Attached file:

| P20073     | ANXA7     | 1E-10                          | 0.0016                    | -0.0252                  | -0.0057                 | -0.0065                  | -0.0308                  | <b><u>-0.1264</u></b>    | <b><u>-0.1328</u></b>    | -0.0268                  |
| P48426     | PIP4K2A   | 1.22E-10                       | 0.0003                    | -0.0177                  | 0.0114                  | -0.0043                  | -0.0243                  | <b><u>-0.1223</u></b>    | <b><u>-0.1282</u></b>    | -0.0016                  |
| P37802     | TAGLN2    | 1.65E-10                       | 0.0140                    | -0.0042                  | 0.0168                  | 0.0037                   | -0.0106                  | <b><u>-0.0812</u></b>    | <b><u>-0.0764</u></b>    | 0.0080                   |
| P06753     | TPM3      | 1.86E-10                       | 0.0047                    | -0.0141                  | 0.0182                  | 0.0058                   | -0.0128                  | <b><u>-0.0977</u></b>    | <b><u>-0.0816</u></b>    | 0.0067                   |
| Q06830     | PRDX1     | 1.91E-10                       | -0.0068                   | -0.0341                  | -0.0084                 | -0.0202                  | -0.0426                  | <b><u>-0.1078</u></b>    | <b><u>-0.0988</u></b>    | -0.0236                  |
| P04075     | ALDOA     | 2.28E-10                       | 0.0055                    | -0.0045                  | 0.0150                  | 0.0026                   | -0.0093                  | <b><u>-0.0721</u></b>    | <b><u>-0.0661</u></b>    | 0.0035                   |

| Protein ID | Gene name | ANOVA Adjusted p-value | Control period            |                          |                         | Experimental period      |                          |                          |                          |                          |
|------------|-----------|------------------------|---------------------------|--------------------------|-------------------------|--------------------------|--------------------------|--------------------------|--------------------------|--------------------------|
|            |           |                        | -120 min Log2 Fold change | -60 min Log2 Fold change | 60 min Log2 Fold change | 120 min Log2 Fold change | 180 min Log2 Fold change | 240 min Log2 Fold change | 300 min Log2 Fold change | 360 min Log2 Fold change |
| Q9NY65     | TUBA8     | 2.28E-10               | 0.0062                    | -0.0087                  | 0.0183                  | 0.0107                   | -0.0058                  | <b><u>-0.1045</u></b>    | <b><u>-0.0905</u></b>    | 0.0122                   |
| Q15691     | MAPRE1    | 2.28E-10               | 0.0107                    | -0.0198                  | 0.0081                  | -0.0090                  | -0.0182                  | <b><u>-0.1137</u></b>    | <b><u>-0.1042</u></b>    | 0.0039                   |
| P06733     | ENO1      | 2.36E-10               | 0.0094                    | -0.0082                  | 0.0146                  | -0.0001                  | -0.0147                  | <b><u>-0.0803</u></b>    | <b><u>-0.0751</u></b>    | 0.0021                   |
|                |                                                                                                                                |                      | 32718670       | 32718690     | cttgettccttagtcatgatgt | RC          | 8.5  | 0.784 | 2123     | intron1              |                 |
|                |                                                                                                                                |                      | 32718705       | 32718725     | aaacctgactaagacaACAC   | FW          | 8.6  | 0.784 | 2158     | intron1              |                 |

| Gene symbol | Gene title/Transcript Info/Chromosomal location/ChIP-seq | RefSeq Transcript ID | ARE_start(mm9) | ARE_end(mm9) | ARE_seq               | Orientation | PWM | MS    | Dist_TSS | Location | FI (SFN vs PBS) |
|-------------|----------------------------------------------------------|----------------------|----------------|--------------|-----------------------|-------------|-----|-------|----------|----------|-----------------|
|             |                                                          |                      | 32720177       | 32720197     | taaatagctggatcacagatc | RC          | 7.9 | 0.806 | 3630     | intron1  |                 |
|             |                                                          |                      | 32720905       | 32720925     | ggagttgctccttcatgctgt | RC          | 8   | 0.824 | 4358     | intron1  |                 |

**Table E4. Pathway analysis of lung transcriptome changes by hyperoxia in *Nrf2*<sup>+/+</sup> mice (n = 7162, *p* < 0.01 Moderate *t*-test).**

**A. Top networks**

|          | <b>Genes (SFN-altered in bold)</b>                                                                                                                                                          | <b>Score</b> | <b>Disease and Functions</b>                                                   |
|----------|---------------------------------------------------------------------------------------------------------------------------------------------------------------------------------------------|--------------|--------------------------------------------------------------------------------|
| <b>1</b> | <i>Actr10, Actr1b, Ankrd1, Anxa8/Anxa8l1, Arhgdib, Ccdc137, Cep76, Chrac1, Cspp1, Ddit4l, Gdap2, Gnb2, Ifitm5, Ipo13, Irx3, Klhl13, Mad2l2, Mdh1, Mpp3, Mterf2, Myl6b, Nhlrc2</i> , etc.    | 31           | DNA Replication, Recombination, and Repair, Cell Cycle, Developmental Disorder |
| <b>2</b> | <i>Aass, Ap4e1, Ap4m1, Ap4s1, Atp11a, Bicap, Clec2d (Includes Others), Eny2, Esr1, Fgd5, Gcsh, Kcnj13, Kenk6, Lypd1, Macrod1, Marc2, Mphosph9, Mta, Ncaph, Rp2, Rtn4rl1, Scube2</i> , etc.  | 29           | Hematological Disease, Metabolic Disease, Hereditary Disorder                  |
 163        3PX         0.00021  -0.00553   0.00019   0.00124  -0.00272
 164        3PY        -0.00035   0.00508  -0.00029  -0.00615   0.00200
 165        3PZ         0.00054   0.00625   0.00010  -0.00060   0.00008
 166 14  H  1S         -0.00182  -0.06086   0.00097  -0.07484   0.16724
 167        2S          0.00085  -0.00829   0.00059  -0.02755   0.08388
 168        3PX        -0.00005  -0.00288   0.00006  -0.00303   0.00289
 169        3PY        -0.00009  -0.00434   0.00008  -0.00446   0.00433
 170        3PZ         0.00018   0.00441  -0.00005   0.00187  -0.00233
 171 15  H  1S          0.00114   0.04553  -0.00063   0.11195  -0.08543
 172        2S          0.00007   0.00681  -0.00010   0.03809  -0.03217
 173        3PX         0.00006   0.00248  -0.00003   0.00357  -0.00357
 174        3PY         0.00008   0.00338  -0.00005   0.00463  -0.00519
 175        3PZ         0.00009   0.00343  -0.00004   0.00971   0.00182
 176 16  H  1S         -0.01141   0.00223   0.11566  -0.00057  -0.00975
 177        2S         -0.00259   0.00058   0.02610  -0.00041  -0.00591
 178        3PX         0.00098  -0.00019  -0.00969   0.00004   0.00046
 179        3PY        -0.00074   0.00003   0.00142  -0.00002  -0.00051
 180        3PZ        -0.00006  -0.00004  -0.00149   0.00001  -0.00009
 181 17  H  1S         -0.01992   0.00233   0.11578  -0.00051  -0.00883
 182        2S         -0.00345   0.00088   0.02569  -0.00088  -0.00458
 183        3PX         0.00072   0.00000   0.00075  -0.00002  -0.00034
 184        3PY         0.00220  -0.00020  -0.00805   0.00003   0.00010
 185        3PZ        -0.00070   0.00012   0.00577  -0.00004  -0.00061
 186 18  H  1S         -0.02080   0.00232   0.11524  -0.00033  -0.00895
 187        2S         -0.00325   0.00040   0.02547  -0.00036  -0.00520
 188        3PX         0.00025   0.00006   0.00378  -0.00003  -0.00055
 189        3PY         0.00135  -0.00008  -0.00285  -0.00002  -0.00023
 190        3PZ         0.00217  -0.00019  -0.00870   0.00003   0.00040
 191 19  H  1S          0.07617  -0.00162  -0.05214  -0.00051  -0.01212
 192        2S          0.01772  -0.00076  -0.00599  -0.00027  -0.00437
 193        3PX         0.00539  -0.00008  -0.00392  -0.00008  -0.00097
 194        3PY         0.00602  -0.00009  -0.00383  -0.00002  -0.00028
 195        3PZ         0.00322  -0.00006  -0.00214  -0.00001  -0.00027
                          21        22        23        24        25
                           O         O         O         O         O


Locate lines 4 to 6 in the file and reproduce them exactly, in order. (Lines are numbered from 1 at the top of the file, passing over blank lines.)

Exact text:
| P06753     | TPM3      | 1.86E-10                       | 0.0047                    | -0.0141                  | 0.0182                  | 0.0058                   | -0.0128                  | <b><u>-0.0977</u></b>    | <b><u>-0.0816</u></b>    | 0.0067                   |
| Q06830     | PRDX1     | 1.91E-10                       | -0.0068                   | -0.0341                  | -0.0084                 | -0.0202                  | -0.0426                  | <b><u>-0.1078</u></b>    | <b><u>-0.0988</u></b>    | -0.0236                  |
| P04075     | ALDOA     | 2.28E-10                       | 0.0055                    | -0.0045                  | 0.0150                  | 0.0026                   | -0.0093                  | <b><u>-0.0721</u></b>    | <b><u>-0.0661</u></b>    | 0.0035                   |